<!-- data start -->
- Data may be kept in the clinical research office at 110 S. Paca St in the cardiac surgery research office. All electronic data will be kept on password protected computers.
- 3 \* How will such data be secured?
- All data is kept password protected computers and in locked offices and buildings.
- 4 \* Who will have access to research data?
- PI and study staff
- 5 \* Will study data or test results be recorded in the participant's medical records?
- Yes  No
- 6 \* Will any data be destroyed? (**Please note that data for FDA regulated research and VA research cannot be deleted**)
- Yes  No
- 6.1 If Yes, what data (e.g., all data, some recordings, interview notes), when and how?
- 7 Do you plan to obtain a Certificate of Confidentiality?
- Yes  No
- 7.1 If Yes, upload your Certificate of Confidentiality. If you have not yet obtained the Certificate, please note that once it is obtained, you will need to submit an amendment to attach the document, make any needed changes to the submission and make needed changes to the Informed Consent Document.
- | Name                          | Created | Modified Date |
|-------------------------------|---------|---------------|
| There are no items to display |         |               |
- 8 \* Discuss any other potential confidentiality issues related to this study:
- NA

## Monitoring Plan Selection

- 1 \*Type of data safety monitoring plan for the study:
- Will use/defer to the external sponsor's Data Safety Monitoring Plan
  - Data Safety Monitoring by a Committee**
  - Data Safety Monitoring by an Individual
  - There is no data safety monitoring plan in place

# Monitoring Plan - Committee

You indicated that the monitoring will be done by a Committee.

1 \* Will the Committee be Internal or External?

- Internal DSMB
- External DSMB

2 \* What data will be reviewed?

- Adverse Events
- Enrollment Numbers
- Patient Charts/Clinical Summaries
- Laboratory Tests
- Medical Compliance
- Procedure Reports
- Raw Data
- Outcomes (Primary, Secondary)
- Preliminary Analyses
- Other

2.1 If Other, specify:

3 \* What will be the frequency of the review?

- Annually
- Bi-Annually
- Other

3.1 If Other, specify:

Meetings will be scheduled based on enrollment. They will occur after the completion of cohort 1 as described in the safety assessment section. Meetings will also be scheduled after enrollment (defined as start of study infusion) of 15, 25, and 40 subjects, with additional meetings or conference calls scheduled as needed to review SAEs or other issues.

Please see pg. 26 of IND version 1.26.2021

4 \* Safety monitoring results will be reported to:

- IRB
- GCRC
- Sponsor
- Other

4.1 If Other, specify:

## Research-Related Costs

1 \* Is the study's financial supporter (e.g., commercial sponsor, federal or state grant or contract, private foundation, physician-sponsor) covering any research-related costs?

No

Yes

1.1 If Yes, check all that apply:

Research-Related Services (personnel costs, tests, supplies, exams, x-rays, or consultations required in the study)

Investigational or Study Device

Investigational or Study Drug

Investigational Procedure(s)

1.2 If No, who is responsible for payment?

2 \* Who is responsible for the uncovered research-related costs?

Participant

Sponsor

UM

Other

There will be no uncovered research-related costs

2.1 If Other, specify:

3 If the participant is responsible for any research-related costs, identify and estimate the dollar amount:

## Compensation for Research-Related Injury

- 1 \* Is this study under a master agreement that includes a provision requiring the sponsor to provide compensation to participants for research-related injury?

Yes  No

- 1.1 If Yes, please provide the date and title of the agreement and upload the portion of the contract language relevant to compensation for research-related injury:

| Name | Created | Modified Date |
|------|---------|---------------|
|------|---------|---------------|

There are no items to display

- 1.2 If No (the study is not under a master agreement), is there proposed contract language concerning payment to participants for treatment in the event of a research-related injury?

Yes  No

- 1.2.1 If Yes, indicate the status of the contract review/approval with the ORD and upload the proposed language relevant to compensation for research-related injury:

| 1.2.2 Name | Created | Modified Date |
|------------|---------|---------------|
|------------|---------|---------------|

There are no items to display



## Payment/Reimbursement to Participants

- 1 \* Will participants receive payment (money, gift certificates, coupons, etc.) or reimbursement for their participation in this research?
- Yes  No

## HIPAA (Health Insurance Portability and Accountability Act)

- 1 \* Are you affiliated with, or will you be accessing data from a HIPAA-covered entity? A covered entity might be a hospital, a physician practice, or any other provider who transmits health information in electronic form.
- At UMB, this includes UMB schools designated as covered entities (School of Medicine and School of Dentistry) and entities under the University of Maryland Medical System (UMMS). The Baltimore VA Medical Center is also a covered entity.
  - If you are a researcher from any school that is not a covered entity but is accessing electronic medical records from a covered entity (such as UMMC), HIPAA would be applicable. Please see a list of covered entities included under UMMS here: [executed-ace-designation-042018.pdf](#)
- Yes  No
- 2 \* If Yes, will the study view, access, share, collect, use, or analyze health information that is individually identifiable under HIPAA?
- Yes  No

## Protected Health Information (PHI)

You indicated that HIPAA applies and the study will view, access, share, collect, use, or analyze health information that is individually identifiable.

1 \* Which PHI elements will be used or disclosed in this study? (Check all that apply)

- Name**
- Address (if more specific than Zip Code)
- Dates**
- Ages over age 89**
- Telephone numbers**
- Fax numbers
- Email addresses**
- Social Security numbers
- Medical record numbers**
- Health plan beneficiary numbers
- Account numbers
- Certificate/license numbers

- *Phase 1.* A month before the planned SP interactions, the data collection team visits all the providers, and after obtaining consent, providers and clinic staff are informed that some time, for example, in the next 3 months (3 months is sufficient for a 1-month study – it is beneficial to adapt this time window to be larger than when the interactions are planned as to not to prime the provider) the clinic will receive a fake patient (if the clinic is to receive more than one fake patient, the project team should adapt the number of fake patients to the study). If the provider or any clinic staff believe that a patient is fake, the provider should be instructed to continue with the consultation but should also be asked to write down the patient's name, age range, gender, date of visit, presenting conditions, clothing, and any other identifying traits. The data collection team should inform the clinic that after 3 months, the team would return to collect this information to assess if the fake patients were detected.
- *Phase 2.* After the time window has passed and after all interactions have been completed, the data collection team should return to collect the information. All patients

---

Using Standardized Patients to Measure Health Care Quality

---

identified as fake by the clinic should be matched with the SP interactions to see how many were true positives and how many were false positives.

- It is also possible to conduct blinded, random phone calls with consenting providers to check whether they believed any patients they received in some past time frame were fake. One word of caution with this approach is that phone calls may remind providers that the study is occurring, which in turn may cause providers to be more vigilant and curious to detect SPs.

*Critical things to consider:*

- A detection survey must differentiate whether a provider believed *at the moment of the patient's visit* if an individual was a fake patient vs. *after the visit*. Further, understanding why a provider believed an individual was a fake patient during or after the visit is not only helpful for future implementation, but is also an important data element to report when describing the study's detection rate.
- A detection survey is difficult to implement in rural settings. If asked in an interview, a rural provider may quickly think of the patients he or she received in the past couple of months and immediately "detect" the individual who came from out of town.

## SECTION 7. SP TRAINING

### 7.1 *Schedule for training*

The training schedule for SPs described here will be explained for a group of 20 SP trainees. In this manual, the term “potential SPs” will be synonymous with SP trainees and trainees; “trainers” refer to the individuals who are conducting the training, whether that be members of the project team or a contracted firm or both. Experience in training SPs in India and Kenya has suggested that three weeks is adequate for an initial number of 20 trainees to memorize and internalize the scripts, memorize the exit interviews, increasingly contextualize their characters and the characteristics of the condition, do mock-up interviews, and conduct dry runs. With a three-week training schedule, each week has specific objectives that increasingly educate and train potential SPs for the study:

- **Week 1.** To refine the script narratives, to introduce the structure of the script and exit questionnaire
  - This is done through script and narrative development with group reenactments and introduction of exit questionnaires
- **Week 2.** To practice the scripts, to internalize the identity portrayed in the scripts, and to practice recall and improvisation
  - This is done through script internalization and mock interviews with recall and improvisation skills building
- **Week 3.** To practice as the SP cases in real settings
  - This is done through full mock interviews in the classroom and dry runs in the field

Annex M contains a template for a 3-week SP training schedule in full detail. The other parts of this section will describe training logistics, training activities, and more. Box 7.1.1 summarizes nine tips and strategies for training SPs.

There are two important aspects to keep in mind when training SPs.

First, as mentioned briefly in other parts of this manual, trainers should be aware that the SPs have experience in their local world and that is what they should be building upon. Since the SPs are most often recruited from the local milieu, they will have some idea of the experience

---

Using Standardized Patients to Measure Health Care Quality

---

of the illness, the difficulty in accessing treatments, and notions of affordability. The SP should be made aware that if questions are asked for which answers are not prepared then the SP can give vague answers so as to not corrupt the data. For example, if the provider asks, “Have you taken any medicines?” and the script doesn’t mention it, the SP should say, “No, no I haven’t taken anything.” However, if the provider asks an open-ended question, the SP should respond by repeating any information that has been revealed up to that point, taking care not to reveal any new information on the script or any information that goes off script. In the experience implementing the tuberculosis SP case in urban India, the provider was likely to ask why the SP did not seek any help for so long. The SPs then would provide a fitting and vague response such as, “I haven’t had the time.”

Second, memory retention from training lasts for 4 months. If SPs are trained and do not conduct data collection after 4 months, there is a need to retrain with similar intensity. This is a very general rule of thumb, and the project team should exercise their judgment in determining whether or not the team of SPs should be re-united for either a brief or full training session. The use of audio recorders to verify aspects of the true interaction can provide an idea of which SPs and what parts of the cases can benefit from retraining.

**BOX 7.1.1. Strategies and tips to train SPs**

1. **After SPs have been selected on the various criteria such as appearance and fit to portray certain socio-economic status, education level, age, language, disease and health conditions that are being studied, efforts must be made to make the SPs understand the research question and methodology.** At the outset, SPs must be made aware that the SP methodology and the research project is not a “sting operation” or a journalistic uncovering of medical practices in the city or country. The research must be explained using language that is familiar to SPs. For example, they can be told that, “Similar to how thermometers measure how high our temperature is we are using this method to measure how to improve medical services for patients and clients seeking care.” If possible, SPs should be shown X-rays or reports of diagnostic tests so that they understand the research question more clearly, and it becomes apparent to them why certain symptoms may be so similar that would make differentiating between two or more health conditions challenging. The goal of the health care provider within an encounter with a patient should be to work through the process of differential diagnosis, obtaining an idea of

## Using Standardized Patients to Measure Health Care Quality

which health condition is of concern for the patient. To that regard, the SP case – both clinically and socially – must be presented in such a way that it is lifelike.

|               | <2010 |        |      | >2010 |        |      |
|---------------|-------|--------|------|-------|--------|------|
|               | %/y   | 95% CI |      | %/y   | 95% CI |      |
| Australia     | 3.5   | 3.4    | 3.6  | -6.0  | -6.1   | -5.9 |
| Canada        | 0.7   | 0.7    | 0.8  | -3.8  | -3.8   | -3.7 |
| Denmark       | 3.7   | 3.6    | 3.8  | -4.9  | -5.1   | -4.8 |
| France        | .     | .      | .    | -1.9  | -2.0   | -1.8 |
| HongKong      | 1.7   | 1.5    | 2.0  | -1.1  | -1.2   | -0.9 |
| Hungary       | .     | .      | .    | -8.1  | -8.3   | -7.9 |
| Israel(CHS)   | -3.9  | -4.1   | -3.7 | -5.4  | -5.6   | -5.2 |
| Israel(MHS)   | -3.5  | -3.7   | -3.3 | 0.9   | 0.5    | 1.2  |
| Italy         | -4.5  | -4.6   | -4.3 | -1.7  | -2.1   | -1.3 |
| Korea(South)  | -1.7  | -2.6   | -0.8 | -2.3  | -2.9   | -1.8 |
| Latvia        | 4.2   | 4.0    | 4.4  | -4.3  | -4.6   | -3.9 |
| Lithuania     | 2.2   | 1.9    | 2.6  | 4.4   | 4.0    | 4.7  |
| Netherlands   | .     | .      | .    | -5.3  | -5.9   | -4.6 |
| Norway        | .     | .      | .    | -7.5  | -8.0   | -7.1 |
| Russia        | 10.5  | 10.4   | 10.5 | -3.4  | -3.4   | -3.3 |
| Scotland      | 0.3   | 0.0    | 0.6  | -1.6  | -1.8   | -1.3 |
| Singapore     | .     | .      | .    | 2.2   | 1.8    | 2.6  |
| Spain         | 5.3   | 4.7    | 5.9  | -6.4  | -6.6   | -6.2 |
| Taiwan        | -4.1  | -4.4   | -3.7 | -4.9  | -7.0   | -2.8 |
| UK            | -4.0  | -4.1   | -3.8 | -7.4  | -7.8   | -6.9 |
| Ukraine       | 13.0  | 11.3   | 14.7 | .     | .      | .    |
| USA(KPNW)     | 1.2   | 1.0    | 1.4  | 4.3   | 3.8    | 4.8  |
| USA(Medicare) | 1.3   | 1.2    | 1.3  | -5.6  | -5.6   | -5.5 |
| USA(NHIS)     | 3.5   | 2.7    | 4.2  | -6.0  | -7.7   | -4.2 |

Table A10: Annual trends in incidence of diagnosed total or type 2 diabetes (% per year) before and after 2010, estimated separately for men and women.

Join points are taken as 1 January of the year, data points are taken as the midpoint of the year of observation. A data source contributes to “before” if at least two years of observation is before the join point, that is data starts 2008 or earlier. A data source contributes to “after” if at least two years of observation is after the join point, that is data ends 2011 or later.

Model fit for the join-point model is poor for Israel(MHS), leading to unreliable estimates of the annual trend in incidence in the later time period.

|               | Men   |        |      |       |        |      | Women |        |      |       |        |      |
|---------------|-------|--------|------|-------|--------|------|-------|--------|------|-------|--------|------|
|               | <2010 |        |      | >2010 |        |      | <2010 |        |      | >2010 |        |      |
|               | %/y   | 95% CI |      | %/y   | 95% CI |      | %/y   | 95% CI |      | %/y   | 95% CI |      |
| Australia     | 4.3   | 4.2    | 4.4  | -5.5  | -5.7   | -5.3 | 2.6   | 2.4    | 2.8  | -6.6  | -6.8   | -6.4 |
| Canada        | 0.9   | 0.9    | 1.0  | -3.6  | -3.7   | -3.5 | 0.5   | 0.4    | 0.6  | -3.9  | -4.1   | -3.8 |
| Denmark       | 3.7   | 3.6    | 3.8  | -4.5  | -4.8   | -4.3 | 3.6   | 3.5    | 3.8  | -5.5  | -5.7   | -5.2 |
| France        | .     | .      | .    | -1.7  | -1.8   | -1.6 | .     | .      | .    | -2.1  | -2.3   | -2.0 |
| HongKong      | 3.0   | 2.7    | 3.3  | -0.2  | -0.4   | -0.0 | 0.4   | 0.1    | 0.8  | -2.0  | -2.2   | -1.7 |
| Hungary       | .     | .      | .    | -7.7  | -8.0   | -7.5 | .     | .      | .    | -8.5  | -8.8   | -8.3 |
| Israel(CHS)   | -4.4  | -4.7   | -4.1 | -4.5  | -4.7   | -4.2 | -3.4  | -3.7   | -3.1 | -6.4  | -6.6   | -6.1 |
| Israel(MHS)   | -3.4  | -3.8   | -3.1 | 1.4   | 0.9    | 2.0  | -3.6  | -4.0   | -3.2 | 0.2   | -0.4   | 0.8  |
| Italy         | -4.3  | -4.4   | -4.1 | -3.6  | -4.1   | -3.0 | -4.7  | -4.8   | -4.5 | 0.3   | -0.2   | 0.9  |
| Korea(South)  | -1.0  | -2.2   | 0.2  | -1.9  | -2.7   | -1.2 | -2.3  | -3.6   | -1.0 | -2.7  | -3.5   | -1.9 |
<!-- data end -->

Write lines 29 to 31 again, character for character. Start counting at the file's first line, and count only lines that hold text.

- External DSMB

2 \* What data will be reviewed?

- Adverse Events